I am seeing many posts today in celebration of International Women’s Day.
This is my tribute to the women who were the backbone of many Black Country industries. Largely un-celebrated and often un-noticed, they were proud hard-working women who worked and raised their families. I give you….
Dulcie May Harper (1936-2021)
For the 2012 Biennale Stourbridge Glass Festival. I researched The Role of Women in the Glass Industry. I spoke to one lady who worked in the Glass Industry, when it had been a flourishing Black Country trade.
Purely by chance last week I spoke to a friend who is an ordained celebrant, she was writing a eulogy for a funeral service she was to conduct the next day. She was sad because the lady had no family and had lived in care for the last years of her life. No one was expected to attend her funeral.
She mentioned the lady’s name, ‘Dulcie’. This is an uncommon name, so I inquired further. It was my delightful interviewee, Dulcie May Harper, 1936-2012. I was able to help with information for her eulogy and I went to her funeral to pay my personal respects and on behalf of the Stourbridge Glass Industry.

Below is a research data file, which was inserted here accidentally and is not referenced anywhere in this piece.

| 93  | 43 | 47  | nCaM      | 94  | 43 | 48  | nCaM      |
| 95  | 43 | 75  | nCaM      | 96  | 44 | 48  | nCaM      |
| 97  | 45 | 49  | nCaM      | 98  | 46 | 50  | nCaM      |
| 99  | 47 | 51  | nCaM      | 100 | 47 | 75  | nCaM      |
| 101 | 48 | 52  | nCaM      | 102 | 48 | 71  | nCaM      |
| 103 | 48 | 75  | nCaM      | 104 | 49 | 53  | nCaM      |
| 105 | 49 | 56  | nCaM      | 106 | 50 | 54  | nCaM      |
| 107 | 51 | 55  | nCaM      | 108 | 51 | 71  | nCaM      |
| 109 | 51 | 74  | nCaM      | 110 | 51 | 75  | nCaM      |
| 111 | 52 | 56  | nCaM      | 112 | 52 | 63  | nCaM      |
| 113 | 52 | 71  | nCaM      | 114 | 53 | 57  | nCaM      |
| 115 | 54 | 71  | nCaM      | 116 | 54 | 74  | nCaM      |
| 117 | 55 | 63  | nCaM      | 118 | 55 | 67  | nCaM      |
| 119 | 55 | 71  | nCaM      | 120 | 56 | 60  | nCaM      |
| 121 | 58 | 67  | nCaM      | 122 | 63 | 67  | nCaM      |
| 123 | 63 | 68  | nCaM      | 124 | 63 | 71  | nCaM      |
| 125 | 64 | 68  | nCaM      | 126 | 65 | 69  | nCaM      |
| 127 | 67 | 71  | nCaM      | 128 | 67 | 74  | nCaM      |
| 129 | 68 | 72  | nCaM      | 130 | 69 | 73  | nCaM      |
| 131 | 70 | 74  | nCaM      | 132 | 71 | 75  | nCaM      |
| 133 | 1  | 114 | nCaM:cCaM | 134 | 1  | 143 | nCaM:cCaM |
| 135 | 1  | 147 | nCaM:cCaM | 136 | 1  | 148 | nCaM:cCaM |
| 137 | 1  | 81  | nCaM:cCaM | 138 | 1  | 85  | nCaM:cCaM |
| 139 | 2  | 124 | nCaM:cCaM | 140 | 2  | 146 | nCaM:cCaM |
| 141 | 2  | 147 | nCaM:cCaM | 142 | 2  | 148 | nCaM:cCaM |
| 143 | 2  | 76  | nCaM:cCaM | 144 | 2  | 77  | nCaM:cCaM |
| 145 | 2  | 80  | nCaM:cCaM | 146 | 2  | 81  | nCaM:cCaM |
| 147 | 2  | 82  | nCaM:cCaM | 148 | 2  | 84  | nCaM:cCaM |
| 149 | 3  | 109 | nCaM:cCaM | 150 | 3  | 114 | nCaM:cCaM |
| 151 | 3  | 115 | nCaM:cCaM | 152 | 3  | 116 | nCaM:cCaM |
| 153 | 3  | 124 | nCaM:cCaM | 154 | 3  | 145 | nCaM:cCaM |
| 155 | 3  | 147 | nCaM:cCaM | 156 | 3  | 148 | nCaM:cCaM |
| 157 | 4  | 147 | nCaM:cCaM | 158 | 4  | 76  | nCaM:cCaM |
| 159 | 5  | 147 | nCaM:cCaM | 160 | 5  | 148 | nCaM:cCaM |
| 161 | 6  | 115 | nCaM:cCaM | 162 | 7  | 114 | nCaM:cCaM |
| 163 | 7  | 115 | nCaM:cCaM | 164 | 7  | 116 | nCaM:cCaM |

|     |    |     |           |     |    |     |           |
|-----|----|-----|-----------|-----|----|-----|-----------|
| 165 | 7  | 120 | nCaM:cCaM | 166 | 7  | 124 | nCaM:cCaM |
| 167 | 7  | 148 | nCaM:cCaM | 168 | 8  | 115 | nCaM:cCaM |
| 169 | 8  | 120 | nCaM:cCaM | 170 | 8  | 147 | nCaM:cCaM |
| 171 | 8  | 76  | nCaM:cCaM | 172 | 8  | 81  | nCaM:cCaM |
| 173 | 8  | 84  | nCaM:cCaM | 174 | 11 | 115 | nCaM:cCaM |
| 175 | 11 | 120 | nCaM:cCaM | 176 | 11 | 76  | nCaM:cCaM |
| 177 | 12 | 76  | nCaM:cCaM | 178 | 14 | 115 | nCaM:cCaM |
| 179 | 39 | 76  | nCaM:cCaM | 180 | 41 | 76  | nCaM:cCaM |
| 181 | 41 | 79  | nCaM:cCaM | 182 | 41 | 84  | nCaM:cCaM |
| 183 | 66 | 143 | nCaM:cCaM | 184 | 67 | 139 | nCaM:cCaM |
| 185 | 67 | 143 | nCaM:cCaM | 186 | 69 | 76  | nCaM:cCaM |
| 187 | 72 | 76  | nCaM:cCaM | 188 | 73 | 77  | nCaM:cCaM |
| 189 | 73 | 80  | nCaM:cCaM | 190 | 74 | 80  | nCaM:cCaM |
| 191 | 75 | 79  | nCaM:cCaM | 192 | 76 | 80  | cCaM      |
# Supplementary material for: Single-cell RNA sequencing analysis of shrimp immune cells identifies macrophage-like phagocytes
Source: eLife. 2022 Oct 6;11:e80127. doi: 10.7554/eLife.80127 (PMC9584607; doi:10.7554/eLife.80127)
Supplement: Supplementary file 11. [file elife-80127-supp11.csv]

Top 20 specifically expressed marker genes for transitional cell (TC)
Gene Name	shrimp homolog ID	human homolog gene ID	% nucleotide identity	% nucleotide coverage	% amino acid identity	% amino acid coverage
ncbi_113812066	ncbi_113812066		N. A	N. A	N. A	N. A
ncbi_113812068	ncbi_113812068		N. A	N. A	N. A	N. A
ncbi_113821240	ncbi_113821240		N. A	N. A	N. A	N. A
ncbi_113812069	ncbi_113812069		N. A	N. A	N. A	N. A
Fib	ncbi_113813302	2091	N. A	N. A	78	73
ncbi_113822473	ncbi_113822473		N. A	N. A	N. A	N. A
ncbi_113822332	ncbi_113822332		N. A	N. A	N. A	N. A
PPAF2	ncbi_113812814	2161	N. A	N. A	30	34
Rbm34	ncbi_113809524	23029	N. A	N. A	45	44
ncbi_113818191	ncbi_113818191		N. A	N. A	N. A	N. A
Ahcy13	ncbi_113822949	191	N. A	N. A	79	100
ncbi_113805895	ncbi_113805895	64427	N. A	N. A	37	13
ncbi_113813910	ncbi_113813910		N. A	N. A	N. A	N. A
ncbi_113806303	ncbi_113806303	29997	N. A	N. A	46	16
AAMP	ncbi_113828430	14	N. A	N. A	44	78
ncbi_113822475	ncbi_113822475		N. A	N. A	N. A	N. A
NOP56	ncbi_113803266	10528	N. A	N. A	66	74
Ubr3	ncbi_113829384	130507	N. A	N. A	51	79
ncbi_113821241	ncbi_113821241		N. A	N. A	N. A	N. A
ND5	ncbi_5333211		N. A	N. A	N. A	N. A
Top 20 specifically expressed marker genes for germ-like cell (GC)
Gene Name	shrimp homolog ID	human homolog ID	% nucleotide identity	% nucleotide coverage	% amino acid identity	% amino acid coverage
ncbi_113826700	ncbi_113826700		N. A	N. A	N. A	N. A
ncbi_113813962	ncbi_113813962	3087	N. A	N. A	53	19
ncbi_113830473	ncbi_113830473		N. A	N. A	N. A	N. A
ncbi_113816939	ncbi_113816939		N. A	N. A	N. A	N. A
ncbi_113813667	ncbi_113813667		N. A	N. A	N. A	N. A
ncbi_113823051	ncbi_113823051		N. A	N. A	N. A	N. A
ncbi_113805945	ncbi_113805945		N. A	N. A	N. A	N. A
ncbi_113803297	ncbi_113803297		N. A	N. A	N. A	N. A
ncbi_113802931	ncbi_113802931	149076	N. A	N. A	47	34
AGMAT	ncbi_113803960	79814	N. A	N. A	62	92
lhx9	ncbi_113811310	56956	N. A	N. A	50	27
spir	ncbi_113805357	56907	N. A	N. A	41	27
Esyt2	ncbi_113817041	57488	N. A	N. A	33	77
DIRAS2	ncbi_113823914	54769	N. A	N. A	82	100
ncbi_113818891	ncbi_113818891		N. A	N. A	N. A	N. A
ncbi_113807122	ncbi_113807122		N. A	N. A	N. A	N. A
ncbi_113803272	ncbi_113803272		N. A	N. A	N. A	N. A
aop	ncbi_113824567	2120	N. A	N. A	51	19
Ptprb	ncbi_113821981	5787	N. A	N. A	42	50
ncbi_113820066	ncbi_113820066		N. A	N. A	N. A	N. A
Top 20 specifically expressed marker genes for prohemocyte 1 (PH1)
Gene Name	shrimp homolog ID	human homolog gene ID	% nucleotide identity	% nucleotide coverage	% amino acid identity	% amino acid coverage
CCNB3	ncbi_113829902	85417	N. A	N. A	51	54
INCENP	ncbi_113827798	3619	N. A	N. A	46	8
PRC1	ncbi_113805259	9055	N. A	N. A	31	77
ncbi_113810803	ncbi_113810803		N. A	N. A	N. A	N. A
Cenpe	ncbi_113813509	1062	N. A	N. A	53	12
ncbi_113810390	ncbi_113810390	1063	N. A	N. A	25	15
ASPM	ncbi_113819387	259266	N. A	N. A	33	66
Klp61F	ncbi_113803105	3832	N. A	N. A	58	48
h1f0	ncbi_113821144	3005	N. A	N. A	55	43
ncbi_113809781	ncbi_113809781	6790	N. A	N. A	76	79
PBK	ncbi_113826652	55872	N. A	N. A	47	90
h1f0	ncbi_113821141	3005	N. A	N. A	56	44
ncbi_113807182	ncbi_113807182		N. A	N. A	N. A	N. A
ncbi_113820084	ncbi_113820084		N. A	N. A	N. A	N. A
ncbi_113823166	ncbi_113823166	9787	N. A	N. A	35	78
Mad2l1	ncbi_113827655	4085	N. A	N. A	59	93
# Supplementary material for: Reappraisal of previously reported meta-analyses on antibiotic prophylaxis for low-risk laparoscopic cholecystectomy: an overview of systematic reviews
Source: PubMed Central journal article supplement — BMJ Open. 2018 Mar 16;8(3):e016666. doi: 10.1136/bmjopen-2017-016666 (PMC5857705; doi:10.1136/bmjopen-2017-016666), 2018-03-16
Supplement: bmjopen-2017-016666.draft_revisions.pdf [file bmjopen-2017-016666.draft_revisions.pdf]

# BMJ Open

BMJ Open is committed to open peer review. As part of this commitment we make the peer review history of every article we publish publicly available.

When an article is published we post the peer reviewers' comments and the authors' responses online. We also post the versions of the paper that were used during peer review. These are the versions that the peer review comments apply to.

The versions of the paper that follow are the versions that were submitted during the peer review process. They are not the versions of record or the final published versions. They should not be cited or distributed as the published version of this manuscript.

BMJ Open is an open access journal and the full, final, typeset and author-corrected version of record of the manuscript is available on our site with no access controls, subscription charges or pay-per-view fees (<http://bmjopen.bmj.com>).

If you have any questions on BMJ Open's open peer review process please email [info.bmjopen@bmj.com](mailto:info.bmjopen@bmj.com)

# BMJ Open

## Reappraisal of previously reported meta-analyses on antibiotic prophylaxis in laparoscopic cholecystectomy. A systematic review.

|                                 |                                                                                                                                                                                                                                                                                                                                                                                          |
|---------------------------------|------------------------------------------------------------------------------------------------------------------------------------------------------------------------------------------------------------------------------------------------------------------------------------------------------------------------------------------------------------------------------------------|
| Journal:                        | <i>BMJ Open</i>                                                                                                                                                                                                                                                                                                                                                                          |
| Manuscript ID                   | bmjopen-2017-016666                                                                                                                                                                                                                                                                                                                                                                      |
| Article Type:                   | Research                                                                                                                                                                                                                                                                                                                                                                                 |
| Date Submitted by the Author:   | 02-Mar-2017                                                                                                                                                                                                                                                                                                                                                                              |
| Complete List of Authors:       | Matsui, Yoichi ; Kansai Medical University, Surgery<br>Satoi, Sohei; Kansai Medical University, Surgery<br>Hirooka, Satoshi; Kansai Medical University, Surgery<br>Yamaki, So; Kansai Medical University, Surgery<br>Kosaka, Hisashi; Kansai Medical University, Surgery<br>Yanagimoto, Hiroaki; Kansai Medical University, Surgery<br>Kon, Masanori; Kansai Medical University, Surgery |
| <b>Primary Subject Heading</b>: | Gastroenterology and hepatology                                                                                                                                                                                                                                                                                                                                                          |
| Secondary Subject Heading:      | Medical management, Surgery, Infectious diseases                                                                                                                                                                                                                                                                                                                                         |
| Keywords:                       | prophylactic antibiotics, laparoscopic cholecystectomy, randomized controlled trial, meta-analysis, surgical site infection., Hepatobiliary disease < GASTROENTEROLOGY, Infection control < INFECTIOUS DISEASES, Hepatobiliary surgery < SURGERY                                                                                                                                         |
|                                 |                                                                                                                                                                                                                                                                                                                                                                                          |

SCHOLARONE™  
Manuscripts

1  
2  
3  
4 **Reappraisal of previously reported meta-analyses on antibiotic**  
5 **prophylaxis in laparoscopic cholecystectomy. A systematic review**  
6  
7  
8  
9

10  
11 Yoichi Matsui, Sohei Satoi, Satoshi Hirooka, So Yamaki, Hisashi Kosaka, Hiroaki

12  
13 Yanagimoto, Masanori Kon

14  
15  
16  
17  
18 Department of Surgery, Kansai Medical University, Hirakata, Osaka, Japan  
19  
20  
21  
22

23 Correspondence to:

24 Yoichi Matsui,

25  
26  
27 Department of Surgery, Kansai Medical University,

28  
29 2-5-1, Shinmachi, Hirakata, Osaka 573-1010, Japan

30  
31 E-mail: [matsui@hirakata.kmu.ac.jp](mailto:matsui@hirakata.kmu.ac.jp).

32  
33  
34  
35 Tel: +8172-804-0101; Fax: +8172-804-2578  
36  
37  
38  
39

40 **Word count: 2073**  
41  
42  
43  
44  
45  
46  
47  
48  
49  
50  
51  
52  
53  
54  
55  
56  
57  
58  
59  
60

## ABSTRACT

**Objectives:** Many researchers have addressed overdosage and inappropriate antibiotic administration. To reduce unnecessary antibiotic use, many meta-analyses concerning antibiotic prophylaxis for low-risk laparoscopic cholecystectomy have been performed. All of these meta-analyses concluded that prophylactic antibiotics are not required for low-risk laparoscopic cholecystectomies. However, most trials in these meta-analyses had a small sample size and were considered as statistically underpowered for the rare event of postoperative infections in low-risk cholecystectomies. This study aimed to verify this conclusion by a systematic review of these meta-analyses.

Dulcie Harper (nee Perrins) started work at Stevens & Williams, later known as Royal Brierley Crystal, in 1950, aged fourteen. Her mother Florence Perrins, and her Aunt Emma Tunley, both worked there, straight from leaving school in the early 1920’s, they were thirteen years old.
In her own words…….
I lived in the Delph and walked to work at the Moor Lane end. Mom (Florence Perrins) and Aunty Emma (Emma Tunley) lived in Brockmore, and they got me the job. It was my first job leaving school I was fourteen. Mom had returned to work after having me and our Iris, my grandmother and grandfather looked after me, so I was known as Dulcie Tunley. My dad’s name was Perrins.
I worked in the acid dipping shed. That was one of the hardest jobs on the site done by women, my mother worked there with Aunty Emma, Jesse Goran, and Linda Geary.
My job was ‘carrying off’, after the acid1 polish the pieces were put on a draining board and swilled with water, then put on a table. I carried the pieces on a tray around my neck, like an ice cream tray carried by the usherette at the cinema, and I took them to the warehouse. I was like a general dogsbody you just did as you were told.
To see the pieces of glass before the acid polish, in the raw, you would not look at them twice, they were dull and with no shine, when it came out of the acid, the pattern sparkled.
The roughers used a rough stone wheel, then the smoother refined the cuts, then the piece was acid polished. We could look at a piece of finished glass and we knew who the rougher and smoother was, just by looking at it.
When you walked from the intaglio room down the wooden steps and across the yard, carrying the tagged2 pieces you opened the door to the acid room and the fumes made you gasp.